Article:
The cause of medulloblastomas is not known.
Children may have frequent vomiting, trouble with balance, headaches, nausea, lethargy, or double vision.
Diagnosis usually involves an imaging test, biopsy, and a spinal tap.
The prognosis depends on whether the cancer is average risk or high risk.
Treatment is surgery, chemotherapy, and radiation therapy.
(See also Overview of Brain Tumors in Children.)
Medulloblastomas account for about 20% of brain and spinal cord cancers in children. These tumors tend to occur in children who are 3 to 4 years old or 8 to 10 years old, but they can occur in infants and younger children and throughout adolescence.
Medulloblastomas develop in the part of the brain that controls coordination and balance (cerebellum), which is located in the back of the brain below the cerebrum. Medulloblastomas tend to spread to other parts of the brain and to the spinal cord. Occasionally, they spread to other parts of the body.
What causes medulloblastomas is unclear. They sometimes occur in people with certain hereditary disorders (such as Gorlin syndrome or Turcot syndrome).
To make the diagnosis of medulloblastoma, doctors do an MRI with a contrast agent (a substance that makes the images clearer) to look for a tumor. Then they take a sample of tissue from the tumor and examine it under a microscope (biopsy). They may also do special tests of the tumor cells' chromosomes (cytogenetics or molecular genetic testing) to help with diagnosis and treatment. Usually, instead of removing just part of the tumor for the sample, the entire tumor is surgically removed and sent for examination.
To determine whether the tumor has spread, doctors do MRI of the spine and a spinal tap (lumbar puncture—see Figure: How a Spinal Tap Is Done). The spinal tap is done to obtain cerebrospinal fluid for examination under a microscope to look for cancer cells. After surgery is done, doctors do another MRI to see whether the tumor has been completely removed. The results of these tests help doctors determine whether the tumor is average risk or high risk.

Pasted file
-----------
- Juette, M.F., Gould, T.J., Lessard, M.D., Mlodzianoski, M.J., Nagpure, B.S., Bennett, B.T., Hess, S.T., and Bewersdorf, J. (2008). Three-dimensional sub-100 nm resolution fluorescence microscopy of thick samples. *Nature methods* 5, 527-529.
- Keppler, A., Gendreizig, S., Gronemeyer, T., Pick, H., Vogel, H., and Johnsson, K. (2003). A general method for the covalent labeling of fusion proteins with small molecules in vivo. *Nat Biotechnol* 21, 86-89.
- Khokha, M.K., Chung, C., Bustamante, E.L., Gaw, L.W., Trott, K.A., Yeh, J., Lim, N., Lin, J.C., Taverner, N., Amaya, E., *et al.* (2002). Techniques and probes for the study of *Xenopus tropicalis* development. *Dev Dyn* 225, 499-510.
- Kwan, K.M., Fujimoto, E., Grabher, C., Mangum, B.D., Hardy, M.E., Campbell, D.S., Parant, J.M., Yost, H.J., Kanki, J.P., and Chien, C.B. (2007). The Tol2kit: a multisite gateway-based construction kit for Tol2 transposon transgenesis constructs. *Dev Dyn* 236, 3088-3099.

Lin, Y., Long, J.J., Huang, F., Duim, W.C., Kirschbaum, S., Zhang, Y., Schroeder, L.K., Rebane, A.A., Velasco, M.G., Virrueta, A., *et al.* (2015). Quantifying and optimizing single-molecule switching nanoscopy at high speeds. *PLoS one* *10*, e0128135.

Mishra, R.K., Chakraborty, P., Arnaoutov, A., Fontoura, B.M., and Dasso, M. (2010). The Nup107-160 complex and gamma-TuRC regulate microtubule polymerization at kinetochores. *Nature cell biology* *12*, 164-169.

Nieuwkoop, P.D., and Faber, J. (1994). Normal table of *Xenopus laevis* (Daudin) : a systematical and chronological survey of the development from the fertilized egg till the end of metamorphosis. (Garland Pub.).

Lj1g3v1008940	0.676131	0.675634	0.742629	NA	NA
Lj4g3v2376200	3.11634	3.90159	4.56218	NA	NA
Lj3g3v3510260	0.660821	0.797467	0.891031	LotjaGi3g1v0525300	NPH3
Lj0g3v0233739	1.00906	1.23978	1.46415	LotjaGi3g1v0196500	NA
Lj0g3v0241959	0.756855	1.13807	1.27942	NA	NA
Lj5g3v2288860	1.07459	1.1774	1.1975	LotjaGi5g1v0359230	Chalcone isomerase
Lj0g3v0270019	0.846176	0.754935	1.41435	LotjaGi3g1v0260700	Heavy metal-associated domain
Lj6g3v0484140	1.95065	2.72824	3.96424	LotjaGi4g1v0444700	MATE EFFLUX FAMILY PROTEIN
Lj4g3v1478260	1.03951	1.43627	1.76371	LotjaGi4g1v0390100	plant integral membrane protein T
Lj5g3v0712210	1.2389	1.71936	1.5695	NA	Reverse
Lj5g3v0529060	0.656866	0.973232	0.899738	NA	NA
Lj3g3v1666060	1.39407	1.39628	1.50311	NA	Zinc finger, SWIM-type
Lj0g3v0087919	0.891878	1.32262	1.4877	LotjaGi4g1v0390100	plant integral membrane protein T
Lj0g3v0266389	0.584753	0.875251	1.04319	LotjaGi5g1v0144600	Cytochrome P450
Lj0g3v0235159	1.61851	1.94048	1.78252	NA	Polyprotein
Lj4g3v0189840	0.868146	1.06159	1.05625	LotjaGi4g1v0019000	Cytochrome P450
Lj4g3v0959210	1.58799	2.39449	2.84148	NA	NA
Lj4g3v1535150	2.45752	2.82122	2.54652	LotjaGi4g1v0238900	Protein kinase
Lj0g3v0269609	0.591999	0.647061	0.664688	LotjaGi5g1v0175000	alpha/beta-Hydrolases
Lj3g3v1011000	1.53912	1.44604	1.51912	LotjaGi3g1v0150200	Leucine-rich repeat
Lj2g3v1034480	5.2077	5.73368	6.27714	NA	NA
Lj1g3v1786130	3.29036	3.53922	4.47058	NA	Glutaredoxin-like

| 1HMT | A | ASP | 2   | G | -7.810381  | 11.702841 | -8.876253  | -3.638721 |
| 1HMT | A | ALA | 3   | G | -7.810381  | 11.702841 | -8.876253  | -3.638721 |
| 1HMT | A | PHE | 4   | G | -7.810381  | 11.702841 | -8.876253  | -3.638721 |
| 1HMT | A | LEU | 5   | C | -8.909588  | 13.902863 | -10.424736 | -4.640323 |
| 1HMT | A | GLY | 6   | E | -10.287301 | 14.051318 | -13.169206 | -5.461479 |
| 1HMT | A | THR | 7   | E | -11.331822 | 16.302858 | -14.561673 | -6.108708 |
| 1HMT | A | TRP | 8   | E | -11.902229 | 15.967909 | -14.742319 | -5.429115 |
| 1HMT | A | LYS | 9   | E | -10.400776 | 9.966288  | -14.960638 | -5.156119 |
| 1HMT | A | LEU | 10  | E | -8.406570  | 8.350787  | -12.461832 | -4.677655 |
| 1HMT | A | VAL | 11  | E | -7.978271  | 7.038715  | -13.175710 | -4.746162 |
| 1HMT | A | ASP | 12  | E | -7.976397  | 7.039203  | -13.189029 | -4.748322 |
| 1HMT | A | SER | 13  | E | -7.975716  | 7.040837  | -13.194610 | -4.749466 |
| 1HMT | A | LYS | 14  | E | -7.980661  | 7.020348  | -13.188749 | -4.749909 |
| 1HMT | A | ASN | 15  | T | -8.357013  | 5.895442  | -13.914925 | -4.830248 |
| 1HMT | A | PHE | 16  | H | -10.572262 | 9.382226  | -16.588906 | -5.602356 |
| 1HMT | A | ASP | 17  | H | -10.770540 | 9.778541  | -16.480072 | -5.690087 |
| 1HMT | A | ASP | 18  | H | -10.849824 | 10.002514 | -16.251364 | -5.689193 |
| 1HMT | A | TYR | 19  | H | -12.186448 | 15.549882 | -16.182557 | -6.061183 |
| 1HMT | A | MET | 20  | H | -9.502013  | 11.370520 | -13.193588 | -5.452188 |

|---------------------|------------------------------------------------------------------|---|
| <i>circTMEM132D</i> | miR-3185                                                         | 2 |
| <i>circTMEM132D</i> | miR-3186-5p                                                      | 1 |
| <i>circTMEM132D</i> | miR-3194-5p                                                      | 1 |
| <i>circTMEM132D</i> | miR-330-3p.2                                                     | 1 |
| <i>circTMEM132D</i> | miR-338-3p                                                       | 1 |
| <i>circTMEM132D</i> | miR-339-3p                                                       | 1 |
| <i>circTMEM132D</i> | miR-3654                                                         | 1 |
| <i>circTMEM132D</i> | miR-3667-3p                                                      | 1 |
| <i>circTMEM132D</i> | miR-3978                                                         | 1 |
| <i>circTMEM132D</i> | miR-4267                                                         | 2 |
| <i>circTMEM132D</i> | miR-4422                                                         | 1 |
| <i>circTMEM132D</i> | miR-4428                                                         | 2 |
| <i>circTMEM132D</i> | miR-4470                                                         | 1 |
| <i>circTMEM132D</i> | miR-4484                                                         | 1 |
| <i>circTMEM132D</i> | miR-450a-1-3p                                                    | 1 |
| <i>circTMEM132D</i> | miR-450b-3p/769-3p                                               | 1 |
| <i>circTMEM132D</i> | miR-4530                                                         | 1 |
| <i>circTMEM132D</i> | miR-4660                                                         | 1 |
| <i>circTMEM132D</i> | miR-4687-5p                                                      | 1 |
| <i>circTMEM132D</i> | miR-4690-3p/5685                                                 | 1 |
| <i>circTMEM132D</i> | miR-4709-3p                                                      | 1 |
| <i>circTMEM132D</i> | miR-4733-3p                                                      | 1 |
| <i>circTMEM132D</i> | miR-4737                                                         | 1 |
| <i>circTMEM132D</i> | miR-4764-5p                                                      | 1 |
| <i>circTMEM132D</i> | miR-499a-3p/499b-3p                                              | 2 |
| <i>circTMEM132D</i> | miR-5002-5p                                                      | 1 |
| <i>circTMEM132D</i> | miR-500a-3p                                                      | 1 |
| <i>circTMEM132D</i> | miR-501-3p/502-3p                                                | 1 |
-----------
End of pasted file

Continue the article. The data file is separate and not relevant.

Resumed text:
Risk is average if
Risk is high if
How well children do after treatment generally depends on whether they are categorized as having average-risk or high-risk disease.
For children older than 3 years, the chances of surviving cancer-free for 5 years is about 80% if the tumor is average risk and about 50 to 60% if it is high risk.
For children 3 years old and younger, outcome is harder to predict, but overall survival is poor. In about 40% of these children, the tumor has spread at the time of diagnosis. When children are younger, intellectual development is more likely to be affected. For example, they may have difficulty learning, remembering, and making decisions.
(See also Cancer Treatment Principles.)
Some children may be helped by a stem cell transplant that uses their own cells (called autologous stem cell transplantation).